Stenella frontalis, or commonly known as the Atlantic Spotted Dolphin is a group of marine mammals that are outstanding in their communication, applying many types of earsplitting clicks and shrills to be in touch with each other when traveling in groups of about 50 individuals, which typically possess a hierarchy organization based on age, gender and size.
They are also acknowledged to be able to be in motion around other species of dolphins, such as the bottlenose and pantropical spotted dolphins peacefully and pleasantly. However, towards humans they can be very hesitant. Nonetheless, they have been known to visit people, for instance in the Bahamas, becoming one of the major attractions for tourists there, where they had grown in number from just eighty animals 20 years ago to around 200 at the moment.
The Atlantic Spotted dolphins can indeed be found in the tropical and temperate areas of the North Atlantic’s Gulf Stream and the Gulf of Mexico, from Florida to Azores and Spain in Europe, as well as southerly as Brazil and West Africa, with some migrate yearly whilst others travel big distances every day, having an estimated total population of about 100,000.
In appearance they can be middle-sized between 2.2 meters and 2.5 meters in full length, and 130-140 kilogrammes in weight. The females can be longer but lighter and smaller, and babies between only 90 to 110 centimeters in size at birth.
They are very protecting of their calves, even helping each other in caring for their young and doing their best to shelter pregnant females from enemies, with the reproductive period for them estimated at eleven months.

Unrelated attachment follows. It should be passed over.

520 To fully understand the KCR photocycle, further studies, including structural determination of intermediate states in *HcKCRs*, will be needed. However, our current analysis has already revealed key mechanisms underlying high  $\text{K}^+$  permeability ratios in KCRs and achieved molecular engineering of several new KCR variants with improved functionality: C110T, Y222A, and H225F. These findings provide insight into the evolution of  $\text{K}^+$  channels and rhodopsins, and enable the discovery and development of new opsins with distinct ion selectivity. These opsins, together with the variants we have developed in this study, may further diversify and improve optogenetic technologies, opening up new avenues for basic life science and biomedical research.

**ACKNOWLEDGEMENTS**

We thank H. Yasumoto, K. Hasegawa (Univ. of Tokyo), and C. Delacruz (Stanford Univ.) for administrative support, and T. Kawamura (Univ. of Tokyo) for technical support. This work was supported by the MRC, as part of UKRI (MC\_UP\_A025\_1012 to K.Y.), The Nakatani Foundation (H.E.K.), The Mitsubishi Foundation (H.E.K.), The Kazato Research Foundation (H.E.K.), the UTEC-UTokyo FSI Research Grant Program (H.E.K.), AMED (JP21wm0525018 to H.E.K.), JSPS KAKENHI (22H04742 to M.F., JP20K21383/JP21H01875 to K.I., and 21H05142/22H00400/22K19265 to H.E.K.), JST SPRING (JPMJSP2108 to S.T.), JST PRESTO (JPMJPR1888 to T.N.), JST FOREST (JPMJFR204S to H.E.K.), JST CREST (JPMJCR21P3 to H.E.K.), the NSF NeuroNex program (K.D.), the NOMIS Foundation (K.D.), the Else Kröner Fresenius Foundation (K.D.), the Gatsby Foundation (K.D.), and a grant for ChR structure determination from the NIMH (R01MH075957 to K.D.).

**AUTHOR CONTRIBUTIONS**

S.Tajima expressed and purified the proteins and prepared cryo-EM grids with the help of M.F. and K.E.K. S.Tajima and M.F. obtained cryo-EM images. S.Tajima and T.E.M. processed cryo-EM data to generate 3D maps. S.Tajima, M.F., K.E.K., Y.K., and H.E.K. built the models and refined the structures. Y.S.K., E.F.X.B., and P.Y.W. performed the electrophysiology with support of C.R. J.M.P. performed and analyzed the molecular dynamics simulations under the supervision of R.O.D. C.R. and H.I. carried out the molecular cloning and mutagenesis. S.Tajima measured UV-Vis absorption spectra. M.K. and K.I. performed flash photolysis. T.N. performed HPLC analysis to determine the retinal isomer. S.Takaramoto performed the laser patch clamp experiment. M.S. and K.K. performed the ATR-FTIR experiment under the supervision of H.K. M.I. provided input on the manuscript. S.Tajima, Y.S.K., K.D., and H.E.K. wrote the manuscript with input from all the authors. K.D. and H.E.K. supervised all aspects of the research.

At birth, calves are usually entirely grey without any spots, but those appear within one year as their mothers begin to wean them off, progressing then into an appearance of dark spots on the belly and whites on the flanks, darker greyish on their backs and dorsal fins.
Those spots develop into more opaque as they mature, eventually spreading, making their bodies black with specks, possessing dark grey backs, lighter grey on their sides and white or cream abdomens. Older animals having special spotted coloration. Movement-wise, they can be more physically powerful than their pantropical spotted cousins, being fast swimmers and can produce impromptu acrobatic airborne shows.
Powerful marine creatures
The Atlantic Spotted dolphins have a tendency to search for food in groups, with a general tactic of getting their preys squeezing into a large circle, before coming on from all angles. Their diet includes a variety of small fishes and octopuses, which they hunt at night in general.
Pollution in their natural environment is one of their principal dangers, and efforts have been started to clean up those waters as well as teaching people to reduce the contamination of their habitats. Unlawful hunting by fisherman has also caused the killing of many Atlantic Spotted dolphins. This is because they intentionally reduce the animal’s numbers, as they regard these dolphins as a nuisance and hindrance in their fish catching businesses.